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Counter-terrorism bill quick timeframe 'outrageous' - Amnesty NZ

The short time period for public submissions on the new counter-terrorism law "is really problematic", says Amnesty NZ.

However, Justice Minister Andrew Little pushed back on criticism, saying he would not sit on his hands while there was "an imminent threat". 

Last month, the Government announced a bill to "prevent terrorism and de-radicalise New Zealanders coming back from overseas" as tensions rise in Syria.

It comes after US troops were pulled from northern Syria and Turkish forces moved in, increasing the possibility of foreign ISIS fighters such as Kiwi Jihadi Mark Taylor returning home.  

The Justice Minister's aim to get the proposed law into force by Christmas would not allow for the "crucial safeguard" of a timely process, Amnesty executive director Meg de Ronde told 1 NEWS last month.

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It could put more restrictions on people like Kiwi Jihadi Mark Taylor. Source: 1 NEWS

It was announced on Tuesday that the public has until Sunday to make submissions on the proposed law change. 

"Minister Little said he wanted to push it through by the end of the year - that alone was concerning to us," Ms de Ronde said. 

She said the submission time was not enough "for constructive engagement with civil society".

"It’s really outrageous and provides virtually no time for response. This is a really concerning approach to justice."

"We need to enable input from people who are international experts, with people who focus on issues of liberty and freedom and participation from everyday people who may be impacted. That’s not what’s happening here."

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American citizens are forbidden from having any dealings with the 'bumbling Jihadi' Source: Breakfast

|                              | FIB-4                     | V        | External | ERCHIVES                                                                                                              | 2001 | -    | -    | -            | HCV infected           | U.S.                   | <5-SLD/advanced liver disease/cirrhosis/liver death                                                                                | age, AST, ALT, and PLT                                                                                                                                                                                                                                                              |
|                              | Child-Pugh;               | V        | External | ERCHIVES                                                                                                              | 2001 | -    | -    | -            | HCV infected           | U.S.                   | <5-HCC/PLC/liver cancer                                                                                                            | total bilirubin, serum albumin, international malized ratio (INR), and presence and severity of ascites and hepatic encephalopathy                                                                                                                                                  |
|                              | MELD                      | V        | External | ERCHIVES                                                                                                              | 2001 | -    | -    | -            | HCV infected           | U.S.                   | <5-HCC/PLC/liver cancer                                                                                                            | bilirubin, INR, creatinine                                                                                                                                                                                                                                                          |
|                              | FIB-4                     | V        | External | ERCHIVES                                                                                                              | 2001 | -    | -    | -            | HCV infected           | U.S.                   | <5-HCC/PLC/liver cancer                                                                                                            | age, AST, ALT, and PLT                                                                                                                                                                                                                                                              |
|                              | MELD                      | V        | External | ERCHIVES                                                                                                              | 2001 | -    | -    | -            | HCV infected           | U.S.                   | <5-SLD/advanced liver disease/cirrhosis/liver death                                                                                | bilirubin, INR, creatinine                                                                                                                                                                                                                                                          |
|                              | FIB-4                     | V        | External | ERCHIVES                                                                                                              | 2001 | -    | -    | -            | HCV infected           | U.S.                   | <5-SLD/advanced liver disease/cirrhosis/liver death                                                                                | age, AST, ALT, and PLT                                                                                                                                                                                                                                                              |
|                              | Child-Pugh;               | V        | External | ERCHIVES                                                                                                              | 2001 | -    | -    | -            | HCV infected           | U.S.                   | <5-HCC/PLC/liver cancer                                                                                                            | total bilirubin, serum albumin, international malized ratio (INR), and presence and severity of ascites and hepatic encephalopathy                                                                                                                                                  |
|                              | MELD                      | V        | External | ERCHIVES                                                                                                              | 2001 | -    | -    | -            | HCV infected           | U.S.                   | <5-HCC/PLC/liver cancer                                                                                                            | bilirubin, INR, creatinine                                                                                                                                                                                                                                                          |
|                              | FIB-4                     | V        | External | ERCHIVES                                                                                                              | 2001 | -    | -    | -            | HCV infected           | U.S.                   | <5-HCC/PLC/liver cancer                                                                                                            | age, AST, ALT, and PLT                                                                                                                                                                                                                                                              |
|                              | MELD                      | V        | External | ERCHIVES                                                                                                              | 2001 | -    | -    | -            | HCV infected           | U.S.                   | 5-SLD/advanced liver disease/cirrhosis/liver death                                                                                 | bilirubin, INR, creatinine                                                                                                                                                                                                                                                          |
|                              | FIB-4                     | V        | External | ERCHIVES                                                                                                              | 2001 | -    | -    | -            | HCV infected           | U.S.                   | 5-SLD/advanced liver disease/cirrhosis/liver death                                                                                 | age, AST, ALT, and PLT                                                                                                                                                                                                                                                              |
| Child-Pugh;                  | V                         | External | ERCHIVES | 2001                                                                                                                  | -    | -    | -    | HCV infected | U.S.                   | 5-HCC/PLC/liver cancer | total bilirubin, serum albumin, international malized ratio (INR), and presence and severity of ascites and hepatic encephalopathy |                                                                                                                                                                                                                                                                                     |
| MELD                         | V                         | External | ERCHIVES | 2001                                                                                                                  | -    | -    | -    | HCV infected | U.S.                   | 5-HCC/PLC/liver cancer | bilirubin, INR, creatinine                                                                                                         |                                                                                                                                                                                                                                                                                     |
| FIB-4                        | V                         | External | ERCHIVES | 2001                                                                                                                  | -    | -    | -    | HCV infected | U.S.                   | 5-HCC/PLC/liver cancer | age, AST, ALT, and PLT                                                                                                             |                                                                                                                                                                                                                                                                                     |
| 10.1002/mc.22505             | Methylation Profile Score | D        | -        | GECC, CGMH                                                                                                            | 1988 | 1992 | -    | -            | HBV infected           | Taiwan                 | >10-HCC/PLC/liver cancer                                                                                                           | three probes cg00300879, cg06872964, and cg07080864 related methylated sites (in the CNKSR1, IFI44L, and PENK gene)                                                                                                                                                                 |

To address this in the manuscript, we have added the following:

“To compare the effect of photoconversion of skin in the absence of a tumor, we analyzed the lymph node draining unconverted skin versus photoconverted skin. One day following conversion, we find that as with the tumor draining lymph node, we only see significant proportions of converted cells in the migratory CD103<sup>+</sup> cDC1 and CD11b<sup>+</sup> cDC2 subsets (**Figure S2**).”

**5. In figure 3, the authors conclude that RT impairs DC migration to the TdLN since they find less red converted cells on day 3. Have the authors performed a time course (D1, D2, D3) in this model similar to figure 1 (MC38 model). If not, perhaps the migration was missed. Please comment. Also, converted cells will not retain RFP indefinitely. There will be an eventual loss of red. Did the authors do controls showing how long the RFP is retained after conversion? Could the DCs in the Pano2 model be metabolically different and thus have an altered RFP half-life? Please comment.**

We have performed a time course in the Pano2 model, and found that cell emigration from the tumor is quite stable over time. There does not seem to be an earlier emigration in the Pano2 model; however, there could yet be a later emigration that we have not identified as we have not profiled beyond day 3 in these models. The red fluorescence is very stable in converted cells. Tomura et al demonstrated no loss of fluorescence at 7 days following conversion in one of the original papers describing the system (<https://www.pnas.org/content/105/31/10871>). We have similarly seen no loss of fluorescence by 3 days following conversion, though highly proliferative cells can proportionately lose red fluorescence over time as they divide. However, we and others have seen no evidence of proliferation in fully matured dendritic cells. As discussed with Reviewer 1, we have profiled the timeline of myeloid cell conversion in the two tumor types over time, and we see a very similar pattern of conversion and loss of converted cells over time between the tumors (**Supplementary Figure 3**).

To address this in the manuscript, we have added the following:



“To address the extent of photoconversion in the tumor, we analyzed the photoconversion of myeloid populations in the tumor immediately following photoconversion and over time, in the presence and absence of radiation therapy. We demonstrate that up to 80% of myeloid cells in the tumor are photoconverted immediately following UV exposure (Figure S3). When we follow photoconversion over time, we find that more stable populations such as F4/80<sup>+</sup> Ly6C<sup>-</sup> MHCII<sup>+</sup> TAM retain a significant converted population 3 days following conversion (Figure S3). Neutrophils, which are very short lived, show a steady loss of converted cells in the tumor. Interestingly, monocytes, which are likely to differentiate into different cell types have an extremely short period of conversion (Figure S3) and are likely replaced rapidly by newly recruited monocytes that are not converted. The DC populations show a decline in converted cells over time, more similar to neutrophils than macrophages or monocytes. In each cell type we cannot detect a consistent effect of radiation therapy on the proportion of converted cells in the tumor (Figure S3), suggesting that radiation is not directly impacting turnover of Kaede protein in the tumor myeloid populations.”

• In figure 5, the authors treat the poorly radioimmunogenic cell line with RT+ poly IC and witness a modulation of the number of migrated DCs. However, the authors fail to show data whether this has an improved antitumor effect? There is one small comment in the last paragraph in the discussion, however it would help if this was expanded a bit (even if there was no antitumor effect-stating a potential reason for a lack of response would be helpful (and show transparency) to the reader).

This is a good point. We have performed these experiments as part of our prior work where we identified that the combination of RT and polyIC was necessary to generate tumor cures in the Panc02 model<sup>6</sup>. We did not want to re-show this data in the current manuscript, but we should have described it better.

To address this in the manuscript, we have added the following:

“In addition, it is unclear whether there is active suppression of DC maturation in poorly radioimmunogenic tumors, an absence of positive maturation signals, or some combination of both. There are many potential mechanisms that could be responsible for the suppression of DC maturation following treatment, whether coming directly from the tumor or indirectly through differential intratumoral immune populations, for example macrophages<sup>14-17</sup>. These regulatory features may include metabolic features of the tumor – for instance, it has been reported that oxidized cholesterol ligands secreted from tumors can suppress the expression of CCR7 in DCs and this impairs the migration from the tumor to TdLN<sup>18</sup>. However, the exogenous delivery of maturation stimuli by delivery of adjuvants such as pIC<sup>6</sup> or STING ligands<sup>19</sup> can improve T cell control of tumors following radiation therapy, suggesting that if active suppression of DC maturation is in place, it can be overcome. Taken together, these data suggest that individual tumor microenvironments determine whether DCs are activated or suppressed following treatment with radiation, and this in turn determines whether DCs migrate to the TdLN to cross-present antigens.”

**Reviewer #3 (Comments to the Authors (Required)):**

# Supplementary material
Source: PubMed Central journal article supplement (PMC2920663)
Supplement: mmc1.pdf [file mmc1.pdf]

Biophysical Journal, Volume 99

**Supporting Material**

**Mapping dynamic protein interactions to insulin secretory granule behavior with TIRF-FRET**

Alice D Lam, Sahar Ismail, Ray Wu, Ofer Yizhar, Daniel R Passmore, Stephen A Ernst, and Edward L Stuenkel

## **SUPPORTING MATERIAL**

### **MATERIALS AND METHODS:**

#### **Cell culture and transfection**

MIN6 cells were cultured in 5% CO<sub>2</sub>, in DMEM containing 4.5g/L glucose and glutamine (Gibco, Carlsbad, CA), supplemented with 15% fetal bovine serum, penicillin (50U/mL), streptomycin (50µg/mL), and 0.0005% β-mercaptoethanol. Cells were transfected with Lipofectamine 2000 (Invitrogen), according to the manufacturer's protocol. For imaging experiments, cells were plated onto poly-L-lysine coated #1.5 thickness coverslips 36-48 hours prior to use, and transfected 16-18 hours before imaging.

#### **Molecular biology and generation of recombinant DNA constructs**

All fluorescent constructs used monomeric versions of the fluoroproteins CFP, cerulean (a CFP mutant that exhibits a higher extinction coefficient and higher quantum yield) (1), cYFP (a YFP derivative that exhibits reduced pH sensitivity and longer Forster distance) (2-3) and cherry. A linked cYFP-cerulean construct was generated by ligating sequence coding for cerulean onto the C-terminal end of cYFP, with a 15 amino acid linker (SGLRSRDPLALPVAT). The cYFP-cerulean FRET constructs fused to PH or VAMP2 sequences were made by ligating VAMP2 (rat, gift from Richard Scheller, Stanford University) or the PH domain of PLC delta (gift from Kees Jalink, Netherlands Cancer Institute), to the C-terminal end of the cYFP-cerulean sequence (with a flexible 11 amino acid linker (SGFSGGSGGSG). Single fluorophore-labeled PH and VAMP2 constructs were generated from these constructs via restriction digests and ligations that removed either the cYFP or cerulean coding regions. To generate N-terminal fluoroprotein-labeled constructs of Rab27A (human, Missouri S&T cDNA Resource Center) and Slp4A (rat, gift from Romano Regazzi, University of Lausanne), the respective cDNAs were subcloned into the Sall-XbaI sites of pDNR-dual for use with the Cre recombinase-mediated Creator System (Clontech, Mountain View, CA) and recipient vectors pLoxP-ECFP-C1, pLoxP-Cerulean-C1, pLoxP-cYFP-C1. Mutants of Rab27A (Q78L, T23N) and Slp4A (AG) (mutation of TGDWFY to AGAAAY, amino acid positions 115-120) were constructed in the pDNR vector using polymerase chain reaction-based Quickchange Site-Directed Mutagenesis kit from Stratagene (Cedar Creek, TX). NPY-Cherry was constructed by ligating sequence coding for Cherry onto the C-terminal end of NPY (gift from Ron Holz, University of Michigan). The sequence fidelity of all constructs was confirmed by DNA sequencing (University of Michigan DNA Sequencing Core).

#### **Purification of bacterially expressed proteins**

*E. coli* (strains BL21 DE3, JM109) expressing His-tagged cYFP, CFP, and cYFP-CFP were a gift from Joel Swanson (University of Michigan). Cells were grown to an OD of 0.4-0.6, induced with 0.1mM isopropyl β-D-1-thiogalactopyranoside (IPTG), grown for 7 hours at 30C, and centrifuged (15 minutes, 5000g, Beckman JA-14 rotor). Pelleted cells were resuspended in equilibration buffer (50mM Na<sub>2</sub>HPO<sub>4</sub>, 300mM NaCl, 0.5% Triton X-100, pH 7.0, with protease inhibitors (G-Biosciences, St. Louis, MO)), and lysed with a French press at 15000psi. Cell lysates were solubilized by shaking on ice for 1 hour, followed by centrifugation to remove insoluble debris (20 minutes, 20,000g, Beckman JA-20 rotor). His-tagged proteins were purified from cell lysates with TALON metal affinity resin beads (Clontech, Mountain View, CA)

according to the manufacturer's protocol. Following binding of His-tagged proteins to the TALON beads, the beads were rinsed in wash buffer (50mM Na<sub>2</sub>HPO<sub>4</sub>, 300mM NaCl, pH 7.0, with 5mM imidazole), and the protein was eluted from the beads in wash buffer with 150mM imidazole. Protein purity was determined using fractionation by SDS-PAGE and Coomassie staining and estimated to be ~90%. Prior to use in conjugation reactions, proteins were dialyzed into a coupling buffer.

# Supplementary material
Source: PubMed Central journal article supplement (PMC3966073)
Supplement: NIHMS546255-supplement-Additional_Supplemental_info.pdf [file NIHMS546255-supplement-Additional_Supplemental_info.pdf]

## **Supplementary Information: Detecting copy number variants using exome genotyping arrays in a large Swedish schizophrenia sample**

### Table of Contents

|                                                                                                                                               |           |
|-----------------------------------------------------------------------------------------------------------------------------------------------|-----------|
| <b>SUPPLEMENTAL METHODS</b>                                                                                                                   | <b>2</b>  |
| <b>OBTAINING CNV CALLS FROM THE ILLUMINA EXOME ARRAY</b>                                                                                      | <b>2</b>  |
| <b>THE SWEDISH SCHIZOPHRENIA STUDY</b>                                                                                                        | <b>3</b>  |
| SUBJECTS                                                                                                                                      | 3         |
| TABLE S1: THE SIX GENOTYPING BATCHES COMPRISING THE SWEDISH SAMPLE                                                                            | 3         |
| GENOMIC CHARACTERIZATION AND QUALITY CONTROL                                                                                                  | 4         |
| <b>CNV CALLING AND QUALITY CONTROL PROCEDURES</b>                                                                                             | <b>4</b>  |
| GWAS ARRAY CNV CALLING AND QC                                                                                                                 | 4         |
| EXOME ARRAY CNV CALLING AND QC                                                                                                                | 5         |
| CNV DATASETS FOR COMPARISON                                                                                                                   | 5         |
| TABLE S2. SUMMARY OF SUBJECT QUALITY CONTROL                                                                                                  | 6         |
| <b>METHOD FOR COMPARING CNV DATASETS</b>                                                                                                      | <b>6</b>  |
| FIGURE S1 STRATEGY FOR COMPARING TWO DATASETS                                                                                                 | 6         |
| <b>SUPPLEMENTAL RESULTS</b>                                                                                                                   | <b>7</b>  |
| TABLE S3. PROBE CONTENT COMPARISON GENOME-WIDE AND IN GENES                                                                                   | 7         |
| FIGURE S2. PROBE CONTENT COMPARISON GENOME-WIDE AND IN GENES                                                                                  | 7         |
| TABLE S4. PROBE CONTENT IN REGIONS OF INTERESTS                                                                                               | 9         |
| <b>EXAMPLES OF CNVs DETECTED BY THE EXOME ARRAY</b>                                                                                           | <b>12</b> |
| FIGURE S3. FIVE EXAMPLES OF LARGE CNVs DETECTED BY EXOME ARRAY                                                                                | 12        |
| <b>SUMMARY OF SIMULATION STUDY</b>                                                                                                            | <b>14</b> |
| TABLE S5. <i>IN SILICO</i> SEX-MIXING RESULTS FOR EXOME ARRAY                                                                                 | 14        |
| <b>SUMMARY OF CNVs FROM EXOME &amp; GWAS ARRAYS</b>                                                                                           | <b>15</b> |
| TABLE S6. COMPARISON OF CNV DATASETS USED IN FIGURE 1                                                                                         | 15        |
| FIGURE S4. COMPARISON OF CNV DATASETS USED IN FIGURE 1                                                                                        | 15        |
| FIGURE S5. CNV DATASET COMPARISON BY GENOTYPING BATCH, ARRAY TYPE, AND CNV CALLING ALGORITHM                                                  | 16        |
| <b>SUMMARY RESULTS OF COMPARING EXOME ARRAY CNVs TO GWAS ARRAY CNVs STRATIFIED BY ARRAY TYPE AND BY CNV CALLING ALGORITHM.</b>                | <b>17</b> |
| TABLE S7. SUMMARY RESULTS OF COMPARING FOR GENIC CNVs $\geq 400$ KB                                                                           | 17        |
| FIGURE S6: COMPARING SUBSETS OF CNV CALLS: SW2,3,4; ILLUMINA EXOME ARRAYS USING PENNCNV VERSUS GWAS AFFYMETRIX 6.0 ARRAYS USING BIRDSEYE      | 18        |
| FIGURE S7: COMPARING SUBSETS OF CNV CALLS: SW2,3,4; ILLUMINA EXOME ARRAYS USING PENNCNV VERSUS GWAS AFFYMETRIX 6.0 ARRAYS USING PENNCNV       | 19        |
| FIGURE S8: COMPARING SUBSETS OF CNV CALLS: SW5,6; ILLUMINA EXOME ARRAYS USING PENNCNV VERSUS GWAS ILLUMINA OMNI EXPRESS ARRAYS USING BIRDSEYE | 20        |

Amnesty created a petition asking Mr Little to slow down the submission process and has received 1672 signatures. 

"People expected that this would be a free, fair, transparent and accessible Government. This process doesn’t seem to reflect that," Ms de Ronde said. 

Mr Little said the timing of the law was about putting the safety of New Zealanders first and, with the chance of overseas terrorist fighters returning in the short term, the importance was "higher than ever before".

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Karolina Dam's 18-year-old son was radicalised and died fighting in Syria in 2014. Source: 1 NEWS

"The situation in Syria is changing rapidly," he said. "There are New Zealand passport holders there who are likely to seek to come back to New Zealand at any time and we need to be prepared.

"This is an imminent threat we are dealing with, and I’m not prepared to sit on my hands when it comes to matters of national security.

"I have already signalled my intention to have the bill passed before the end of the year, which naturally requires a truncated select committee period. This is an interim measure to deal with a real and growing risk while the review of the Terrorist Suppression Act is under way, which is not due for completion until next year."

Source: Breakfast